I went to the eye-doctor recently.

I’ve always kind of hated going to the optometrist/ophthalmologist/oculist/occultist (did you catch that joke there? It’s a doozie!) because I always felt like a spectacle (oh, another one! I’m on a roll!)

(Those jokes were so cheesy that by invocation of the laws of humor blogging I am now required to kill myself like a failed Ninja which I believe involves disembowelment and a lot of bowing. I’m not going to do it though. Mostly because it might make me throw up, and I’m phobic.)

Anyway, going to the eye doctor is always a funny experience for a guy with a blind eye. There’s always some drama. When I was younger, it was annoying. In elementary school, the following conversation took place pretty much any time I interacted with an Eyeball Professional.

Female Eyeball Professional: All right, go ahead cover your left eye and look at the letters on the wall. What can you see?

Me: (reads a bunch of letters)

FEP: Perfect. Now cover your right eye and do the same.

Me: My eye is blind.

FEP (skeptically): That’s okay, sweetie. Go ahead and just give it a try. Tell me what letters you see.

Me: Okay… (covers eye and looks at the screen) I can’t see any letters.

FEP: (Switches screens so the letters are larger) What about now?

Me: …I really can’t see any.

FEP: (Switches to the really huge “E”) All right, try this one.

Me:  I can’t see it. I can’t see anything. I can’t even tell where I’m supposed to look.

FEP (as if this is a revelation): Young man, you are blind in that eye!

Every. Single. Year.

I always wanted to say something snarky like “And clearly you are deaf, because I told you I was blind before we started” but I was too nice as a child.

 All right young man, now I’d like you to close both eyes and read this chart to ascertain whether or not you can see through your eyelids. 
(Photo attribution: here)

Anyway, after years of being lazy and baked by the sun, now my eye is so deformed looking it makes me look vaguely like a serial killer and there’s no way anybody on earth would be surprised to hear it is blind. In fact, most people are surprised to discover that I’m not a raging homicidal maniac intent on personally massaging the tender, blood-filled walls of their heart as it beats its last beats if they notice my eye before anything else.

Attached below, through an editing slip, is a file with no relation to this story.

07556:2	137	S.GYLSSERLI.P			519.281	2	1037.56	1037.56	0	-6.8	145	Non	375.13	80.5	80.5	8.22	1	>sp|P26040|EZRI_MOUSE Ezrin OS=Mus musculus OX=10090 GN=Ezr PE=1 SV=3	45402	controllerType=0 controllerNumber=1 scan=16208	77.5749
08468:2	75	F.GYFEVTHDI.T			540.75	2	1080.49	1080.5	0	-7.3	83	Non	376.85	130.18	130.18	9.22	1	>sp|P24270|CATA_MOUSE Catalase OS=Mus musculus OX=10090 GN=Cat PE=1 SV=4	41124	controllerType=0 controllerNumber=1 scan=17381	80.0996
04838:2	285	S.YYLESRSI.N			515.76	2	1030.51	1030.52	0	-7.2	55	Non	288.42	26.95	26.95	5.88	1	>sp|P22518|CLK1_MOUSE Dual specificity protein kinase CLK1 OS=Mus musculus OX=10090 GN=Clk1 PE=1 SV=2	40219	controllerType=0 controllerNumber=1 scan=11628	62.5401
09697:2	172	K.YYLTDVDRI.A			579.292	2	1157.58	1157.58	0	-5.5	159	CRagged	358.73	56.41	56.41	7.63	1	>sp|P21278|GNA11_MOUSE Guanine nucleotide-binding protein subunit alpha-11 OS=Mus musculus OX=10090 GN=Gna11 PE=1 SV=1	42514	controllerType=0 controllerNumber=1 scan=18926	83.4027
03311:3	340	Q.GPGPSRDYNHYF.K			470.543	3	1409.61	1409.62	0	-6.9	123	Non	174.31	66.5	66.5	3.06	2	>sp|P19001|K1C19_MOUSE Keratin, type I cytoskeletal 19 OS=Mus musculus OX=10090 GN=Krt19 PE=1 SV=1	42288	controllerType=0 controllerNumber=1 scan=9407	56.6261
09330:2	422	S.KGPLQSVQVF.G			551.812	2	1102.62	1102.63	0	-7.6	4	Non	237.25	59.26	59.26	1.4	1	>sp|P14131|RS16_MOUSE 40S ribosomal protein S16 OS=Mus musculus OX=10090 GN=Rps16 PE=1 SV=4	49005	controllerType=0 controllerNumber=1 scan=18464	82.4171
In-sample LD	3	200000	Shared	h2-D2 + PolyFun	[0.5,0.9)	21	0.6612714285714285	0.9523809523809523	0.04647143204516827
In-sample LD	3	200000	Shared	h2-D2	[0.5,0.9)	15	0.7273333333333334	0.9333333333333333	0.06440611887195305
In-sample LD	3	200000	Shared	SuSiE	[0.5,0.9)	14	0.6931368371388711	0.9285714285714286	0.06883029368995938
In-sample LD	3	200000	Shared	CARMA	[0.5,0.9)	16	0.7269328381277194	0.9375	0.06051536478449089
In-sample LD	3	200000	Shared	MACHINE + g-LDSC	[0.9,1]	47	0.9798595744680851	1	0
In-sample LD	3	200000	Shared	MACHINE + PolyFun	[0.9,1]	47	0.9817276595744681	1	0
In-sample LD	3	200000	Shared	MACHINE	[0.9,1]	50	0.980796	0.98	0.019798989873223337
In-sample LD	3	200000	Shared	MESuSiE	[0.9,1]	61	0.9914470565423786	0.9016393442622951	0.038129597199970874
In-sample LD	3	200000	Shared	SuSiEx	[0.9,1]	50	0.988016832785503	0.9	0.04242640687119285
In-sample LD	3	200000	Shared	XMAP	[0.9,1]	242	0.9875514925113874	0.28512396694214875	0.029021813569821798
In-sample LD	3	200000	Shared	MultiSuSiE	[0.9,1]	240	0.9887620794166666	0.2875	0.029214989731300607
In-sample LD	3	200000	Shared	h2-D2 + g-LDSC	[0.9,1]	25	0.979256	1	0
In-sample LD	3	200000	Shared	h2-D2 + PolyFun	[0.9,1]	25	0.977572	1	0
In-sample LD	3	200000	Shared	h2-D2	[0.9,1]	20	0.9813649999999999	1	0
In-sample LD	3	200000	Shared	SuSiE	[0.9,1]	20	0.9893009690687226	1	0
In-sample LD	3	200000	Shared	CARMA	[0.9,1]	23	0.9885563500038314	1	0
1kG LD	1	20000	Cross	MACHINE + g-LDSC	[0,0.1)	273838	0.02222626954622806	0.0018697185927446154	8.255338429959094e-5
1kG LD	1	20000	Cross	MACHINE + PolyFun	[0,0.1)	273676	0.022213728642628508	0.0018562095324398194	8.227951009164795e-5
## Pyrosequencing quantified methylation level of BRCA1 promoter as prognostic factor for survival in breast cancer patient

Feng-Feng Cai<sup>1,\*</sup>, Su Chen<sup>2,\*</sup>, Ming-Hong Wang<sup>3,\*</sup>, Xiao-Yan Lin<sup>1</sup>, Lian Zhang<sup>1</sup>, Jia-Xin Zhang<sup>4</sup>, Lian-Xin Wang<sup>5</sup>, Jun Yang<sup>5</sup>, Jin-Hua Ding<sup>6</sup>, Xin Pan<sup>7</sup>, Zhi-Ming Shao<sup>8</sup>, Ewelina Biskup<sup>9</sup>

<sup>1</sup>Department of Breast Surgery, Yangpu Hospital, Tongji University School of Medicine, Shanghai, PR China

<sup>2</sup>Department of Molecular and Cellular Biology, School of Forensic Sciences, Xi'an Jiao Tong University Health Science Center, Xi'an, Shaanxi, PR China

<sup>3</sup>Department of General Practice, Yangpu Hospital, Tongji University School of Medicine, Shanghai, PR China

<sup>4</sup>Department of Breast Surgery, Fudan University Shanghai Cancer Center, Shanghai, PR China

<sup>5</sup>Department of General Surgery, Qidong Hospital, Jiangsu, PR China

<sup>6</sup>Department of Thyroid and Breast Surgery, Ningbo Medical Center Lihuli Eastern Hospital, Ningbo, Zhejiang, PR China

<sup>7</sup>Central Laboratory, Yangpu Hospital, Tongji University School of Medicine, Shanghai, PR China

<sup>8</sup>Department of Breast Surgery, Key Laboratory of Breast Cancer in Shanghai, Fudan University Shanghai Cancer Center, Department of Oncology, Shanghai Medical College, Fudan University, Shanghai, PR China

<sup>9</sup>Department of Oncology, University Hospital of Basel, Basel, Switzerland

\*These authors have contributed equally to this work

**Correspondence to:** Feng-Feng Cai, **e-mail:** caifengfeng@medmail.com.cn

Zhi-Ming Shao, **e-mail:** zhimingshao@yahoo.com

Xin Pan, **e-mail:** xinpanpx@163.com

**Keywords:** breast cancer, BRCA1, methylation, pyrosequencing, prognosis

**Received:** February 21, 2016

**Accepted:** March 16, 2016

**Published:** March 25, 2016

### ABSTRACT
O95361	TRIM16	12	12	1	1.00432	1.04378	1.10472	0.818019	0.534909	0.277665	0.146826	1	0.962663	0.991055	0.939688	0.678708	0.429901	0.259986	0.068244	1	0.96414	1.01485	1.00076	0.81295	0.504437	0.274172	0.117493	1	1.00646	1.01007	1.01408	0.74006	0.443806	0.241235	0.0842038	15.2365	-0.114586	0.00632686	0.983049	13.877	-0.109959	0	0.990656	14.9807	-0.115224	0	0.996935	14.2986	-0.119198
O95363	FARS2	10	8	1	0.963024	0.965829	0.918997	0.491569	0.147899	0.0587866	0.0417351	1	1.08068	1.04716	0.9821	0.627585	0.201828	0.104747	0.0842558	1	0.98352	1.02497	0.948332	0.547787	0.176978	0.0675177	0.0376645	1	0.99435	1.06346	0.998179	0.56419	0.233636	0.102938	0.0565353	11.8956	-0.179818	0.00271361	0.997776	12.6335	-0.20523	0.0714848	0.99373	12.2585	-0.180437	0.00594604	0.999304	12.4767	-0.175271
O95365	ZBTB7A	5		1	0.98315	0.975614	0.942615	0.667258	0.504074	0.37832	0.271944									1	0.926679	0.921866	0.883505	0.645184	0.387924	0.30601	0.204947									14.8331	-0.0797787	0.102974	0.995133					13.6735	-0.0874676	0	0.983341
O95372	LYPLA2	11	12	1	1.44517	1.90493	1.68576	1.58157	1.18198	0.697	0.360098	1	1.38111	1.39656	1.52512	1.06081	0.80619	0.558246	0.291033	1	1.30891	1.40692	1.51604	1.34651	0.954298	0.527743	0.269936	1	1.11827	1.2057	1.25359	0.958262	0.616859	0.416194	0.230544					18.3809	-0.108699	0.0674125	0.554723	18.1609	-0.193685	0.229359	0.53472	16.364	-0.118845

These days when I see an Eyeball Professional, the mood is different. They are riveted by me. Not only do they not need to be “tipped off” that the weird orb in my face looking the wrong direction is blind, but they are more than eager to sit down and take a gander at the sucker.

I’ve finally begun to realize that they are just fascinated by the thing. I mean, it really is a novelty. It’s like a relic from the 80’s–they like to look at just what the surgeons did to me. Where they hacked it open, and what they took out. They find it fascinating.

But that’s okay. It makes me feel special. It makes me feel like a celebrity kind of. A really poor, anonymous, deformed celebrity. Except for then they always want to dilate my eyes even when I don’t need it, and that gets annoying.

Anyway, my latest visit was weird. I went to a new clinic because I had new insurance. So, I was prepping myself for the same routine. “Hi, how are you, nice to meet you… WHOA what the FREAK is that nasty grape doing in your left eye socket and can I study it for the next 30 minutes please?”

I sat waiting in the waiting room, filling out the paperwork, and when the time came, the doctor came out and brought me into the office. He sat me down, looked me straight in the eye and had no reaction.


At first I was kind of relieved. Like, okay, finally I’m treated just like everybody else.

But then I started to feel… miffed. He didn’t care. He didn’t even seem interested. Had he not noticed what he had in his office? Was he too obtuse to realize what he had access to? This eye, sir, has been cited in medical texts of the 1980’s. I was a special case! I was cutting edge! And you just look at me like I’m some random guy off the street with two normal eyes.

I mean seriously, the audacity.

Then he looked over my paperwork and said, “so, are you still teaching middle school?” I hadn’t written anything about teaching middle school on my paperwork. I hadn’t taught middle school for years.

“No…” I replied, looking baffled.

When he saw my confusion, we talked and discovered that I had seen him half a decade before when I taught at the local school district. I had no recollection of this. I was kind of thinking, but didn’t dare to hope, that even though I couldn’t remember him at all, I might be so memorable to him because of you-know-what. That maybe it wasn’t ME he was remembering, but a special eye-condition that he couldn’t get out of his mind…

And then he said it, the thing that let me know that I still had it–that this eye still had swagger.

“So, how’s that eye of yours doing?”

I was flooded with relief. I was special again! I was different. My uniqueness hadn’t been stripped away by some highfaluting “everyone is the same” robot. I sighed deeply.

I didn’t even cringe when he asked the inevitable: “Do you mind if I dilate you so I can get a look inside that left eye again…?”

This guy? He had remembered my situation for years. He had earned access to the inner regions of my cornea. “Have at it,” I said.

And then he had his way with my face for the next 30 minutes, and I just basked in the glory of my atrocious looking congenital defect and the awesomeness it afforded me.

So listen. It may be true that my eye looks a little bit like somebody took a flame-thrower to a marshmallow and then attached it to my face with a hot glue gun, but by golly if it doesn’t have its fringe benefits as well.

Don’t you wish you were deformed and really special and unique like me?

Left eye wants to visit you in your dreams tonight!
(Drawing attribution: here)